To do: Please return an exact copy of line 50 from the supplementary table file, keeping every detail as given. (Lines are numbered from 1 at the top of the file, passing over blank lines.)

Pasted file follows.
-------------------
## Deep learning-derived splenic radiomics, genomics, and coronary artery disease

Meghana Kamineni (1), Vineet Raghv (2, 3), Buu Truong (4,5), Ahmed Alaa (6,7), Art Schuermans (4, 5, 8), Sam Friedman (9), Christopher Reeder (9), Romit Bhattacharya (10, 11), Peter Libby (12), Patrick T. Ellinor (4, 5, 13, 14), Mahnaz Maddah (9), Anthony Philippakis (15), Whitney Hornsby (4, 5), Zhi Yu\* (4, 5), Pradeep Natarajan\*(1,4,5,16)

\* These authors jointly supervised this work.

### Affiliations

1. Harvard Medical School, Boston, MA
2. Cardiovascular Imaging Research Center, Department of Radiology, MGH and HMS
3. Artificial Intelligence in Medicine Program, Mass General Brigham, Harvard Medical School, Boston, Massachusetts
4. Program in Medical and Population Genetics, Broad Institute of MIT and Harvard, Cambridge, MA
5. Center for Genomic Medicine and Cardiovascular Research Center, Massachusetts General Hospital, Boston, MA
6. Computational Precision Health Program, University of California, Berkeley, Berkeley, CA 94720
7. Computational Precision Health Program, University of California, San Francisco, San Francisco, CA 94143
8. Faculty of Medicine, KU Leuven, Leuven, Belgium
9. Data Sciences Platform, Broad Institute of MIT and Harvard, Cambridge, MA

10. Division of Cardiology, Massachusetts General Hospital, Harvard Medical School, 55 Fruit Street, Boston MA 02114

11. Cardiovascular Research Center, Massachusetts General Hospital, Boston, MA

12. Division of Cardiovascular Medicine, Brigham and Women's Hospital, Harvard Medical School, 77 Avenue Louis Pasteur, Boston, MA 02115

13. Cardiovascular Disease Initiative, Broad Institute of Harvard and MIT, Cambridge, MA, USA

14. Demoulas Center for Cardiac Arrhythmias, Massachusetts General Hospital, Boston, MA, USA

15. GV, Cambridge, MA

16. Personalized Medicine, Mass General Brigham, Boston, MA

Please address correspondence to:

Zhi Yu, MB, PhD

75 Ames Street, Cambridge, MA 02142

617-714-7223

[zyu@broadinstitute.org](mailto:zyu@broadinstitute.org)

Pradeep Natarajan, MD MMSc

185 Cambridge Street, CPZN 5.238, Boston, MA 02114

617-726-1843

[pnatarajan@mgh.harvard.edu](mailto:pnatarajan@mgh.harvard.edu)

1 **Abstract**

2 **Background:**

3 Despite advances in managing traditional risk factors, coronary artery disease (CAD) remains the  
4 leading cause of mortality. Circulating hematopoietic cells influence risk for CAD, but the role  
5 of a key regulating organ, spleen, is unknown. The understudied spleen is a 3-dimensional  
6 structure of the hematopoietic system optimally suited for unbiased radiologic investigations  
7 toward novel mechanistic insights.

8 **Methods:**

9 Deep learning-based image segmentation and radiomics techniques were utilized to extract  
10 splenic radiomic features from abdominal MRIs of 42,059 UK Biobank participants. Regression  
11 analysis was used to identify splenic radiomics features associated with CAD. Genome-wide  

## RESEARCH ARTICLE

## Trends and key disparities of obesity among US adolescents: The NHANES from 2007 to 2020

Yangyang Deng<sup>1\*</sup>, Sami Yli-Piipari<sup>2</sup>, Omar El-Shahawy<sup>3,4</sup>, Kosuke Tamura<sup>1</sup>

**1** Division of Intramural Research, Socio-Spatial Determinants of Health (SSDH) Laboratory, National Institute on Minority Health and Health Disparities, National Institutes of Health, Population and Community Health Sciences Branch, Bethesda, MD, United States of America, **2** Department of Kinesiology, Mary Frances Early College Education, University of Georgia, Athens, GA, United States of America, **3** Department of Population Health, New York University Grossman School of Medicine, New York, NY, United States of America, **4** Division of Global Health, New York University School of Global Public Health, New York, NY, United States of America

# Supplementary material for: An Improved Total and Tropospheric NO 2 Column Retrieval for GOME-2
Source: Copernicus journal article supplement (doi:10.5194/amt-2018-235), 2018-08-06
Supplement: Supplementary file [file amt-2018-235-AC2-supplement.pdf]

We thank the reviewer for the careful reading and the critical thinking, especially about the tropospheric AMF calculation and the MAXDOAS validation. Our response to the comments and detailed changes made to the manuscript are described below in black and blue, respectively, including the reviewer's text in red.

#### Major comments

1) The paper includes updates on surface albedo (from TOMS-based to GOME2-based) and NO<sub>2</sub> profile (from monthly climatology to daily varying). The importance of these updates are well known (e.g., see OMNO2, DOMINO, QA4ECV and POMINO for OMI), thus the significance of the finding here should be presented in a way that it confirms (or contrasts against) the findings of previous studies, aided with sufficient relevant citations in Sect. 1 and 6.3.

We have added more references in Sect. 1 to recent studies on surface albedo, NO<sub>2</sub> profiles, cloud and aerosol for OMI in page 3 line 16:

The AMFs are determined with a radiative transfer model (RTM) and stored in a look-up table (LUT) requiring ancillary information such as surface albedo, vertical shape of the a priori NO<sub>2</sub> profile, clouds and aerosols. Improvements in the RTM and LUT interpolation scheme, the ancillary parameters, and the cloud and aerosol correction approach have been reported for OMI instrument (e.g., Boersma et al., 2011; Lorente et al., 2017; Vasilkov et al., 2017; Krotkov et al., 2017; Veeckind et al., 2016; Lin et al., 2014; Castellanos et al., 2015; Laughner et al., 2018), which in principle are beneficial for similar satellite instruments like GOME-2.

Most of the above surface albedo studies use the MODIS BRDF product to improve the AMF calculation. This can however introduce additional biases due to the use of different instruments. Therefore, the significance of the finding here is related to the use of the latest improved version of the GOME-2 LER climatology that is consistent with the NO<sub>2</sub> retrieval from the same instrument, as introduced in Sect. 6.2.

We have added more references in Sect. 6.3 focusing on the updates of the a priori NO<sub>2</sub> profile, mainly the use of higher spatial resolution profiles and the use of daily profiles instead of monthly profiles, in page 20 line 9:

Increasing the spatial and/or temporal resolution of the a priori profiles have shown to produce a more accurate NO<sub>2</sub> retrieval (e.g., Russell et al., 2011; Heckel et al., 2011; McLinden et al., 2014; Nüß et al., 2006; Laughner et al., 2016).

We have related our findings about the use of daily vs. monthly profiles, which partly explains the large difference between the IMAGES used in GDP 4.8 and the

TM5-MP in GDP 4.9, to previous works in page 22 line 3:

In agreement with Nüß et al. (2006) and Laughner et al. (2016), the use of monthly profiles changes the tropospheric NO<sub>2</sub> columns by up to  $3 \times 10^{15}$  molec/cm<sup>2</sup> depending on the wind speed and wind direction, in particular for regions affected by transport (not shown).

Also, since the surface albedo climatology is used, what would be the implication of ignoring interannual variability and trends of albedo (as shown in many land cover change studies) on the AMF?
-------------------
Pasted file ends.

1) The paper includes updates on surface albedo (from TOMS-based to GOME2-based) and NO<sub>2</sub> profile (from monthly climatology to daily varying). The importance of these updates are well known (e.g., see OMNO2, DOMINO, QA4ECV and POMINO for OMI), thus the significance of the finding here should be presented in a way that it confirms (or contrasts against) the findings of previous studies, aided with sufficient relevant citations in Sect. 1 and 6.3.